Eager to meet other students with a passion for the environment, Davidson offers some sage advice on taking advantage of your time at graduate school, and the broad level of expertise offered at GPS.
“Environmental challenges are multifaceted, so make sure you are taking advantage of all the resources on campus,” said Davidson. “In addition to generating some general knowledge on the issues, it is important to develop expertise in particular issues or contexts so you can really dive deep and make an impact before your graduate.”
3 questions with Assistant Professor Michael Davidson
What is your academic focus?
I look at the engineering implications and institutional conflicts inherent in adding low-carbon energy to the power grid, with an emphasis on areas with market structures that are emerging, particularly in China and India, or rapidly evolving like the Western U.S.
What are the real-world impacts of your research?
Policymakers, regulators and firms around the world are grappling with challenges of bringing online more renewable and low-carbon energy, ranging from where to site these new facilities to how to manage the increasing complexity and uncertainty associated with their operation. My work highlights how moving from 5 to 50 percent share of clean energy and beyond will depend on both engineering and institutional advances, some of which are interdependent.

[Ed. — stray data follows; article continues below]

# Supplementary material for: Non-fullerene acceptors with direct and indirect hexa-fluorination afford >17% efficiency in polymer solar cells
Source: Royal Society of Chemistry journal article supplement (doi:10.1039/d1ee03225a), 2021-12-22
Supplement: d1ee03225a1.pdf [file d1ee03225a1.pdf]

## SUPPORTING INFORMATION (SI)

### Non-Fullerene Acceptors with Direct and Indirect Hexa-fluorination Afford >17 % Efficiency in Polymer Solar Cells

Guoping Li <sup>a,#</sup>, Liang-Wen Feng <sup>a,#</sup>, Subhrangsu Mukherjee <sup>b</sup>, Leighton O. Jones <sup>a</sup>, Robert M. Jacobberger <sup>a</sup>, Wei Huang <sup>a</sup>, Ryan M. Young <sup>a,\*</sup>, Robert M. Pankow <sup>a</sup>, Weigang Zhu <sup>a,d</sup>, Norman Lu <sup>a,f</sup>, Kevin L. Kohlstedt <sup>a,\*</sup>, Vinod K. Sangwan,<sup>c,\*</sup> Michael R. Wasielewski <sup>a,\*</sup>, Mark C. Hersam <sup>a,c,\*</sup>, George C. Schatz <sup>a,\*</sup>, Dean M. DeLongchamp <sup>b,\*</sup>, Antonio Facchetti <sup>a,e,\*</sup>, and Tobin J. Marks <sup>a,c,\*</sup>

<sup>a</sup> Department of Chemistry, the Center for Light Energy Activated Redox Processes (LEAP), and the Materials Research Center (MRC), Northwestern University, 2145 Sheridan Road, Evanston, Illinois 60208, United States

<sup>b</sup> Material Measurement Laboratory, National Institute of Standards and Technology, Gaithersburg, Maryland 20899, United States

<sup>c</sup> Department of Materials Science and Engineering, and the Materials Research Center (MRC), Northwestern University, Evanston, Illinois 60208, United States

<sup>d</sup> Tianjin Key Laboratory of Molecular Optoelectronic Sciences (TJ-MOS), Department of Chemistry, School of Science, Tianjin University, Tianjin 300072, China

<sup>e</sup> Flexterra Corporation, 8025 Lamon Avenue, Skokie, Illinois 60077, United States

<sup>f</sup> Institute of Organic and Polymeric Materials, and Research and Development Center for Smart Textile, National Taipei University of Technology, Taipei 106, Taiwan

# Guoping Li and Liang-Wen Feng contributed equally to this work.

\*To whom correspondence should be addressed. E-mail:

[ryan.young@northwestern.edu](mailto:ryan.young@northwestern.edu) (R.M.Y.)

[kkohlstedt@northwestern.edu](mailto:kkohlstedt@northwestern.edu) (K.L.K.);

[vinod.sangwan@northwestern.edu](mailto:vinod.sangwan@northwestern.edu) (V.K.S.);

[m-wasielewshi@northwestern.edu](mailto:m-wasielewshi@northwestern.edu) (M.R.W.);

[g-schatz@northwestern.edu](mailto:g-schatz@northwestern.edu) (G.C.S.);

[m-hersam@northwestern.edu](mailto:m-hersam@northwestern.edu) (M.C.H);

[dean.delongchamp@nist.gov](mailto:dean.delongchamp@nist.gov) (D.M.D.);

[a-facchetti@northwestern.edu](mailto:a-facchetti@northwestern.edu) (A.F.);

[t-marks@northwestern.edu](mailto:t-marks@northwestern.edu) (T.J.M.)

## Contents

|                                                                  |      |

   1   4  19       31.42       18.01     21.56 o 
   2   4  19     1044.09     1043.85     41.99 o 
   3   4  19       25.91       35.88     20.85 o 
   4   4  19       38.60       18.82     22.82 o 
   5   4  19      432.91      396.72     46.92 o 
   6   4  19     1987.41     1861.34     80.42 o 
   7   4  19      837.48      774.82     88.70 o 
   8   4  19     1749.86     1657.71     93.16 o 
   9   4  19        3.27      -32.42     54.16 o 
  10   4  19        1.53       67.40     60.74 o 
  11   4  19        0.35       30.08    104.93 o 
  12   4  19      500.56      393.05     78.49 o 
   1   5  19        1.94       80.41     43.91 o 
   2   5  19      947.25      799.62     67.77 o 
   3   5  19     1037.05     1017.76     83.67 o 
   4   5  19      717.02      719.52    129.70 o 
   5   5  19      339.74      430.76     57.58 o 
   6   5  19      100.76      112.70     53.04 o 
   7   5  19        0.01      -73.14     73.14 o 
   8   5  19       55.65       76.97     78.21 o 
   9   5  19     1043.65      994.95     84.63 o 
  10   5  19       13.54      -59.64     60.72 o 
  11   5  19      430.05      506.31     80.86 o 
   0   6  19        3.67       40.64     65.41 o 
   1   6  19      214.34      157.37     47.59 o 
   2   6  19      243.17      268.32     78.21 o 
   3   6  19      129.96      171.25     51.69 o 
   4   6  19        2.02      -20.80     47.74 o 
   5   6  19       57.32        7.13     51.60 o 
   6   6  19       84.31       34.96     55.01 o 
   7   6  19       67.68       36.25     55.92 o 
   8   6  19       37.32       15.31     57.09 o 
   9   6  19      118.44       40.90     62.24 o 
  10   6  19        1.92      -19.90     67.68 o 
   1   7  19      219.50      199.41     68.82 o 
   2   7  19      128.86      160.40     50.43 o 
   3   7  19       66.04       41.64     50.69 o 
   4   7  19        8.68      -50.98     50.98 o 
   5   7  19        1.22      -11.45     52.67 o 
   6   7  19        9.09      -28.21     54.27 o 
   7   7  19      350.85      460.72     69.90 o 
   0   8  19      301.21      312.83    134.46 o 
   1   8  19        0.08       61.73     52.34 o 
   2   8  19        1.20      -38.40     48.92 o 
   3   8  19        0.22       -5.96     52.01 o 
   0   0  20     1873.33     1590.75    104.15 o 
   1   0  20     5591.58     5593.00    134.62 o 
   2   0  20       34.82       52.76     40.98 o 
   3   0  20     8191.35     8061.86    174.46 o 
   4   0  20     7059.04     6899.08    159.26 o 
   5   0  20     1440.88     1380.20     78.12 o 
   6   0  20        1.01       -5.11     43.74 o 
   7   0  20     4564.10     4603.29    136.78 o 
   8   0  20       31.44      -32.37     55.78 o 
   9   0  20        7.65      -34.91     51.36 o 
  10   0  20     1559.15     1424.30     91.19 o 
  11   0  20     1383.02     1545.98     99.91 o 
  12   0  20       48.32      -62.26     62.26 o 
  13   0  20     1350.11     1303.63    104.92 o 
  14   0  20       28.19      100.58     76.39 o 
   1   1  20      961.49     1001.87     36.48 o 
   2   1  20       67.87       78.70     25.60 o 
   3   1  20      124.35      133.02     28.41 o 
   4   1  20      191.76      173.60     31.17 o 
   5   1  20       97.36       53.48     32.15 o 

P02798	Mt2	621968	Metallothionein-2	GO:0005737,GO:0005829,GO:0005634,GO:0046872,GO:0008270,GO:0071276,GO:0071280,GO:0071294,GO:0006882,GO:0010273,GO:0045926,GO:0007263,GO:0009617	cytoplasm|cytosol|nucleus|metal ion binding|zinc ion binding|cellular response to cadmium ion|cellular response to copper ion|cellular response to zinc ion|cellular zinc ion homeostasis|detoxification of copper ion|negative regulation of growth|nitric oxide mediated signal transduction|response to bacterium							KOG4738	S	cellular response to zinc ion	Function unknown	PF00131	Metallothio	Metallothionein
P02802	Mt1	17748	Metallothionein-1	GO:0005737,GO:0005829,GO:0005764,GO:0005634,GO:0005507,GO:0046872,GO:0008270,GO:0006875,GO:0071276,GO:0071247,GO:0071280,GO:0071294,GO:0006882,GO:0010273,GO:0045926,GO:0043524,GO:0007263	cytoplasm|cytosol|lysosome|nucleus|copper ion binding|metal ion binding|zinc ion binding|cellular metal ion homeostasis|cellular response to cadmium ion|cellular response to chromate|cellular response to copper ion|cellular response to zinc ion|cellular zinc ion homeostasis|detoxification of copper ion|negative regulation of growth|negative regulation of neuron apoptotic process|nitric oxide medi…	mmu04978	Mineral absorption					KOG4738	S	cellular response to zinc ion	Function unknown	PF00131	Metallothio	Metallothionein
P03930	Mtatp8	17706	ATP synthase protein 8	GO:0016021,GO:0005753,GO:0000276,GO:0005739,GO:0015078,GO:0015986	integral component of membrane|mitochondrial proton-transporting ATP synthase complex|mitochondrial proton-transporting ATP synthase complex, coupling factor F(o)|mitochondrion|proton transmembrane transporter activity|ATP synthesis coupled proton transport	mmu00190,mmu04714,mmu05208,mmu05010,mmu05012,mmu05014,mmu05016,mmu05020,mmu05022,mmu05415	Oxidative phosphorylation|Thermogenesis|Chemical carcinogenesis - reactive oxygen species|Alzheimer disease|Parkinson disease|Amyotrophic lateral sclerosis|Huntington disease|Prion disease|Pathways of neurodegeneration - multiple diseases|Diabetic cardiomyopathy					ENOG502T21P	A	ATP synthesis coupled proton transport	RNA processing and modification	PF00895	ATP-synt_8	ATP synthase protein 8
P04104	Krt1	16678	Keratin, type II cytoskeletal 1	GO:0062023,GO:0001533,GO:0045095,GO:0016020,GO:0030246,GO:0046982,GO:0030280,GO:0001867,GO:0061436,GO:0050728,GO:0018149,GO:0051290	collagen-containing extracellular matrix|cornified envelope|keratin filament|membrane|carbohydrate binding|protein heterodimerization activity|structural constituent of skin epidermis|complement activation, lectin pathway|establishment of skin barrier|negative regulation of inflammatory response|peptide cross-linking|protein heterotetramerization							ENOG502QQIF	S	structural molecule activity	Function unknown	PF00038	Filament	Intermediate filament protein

In particular, countries such as China and India are increasingly turning to markets to help with this transition, but there are many historical legacies that affect market designs and, in turn, alter technology choices and operation. Identifying “second-best” policies that take into account these constraints can help us move more rapidly on pathways to sustainability.
What skills or understanding do you hope students leave your class with?
Infrastructures—such as energy, water and transportation—are the product of interactions among engineering, political and economic variables. They are key to addressing highly salient political objectives such as economic growth and environmental protection, while coming with their own unique sets of engineering realities and economic features. In my teaching and mentoring, I will bring together these three strands in service of making good energy and environmental policy and regulation.
I expect students to be able to articulate the key drivers of specific environmental challenges, explain the evolution of energy governance structures in general and in case countries, and develop a menu of technological and policy solutions fit for context.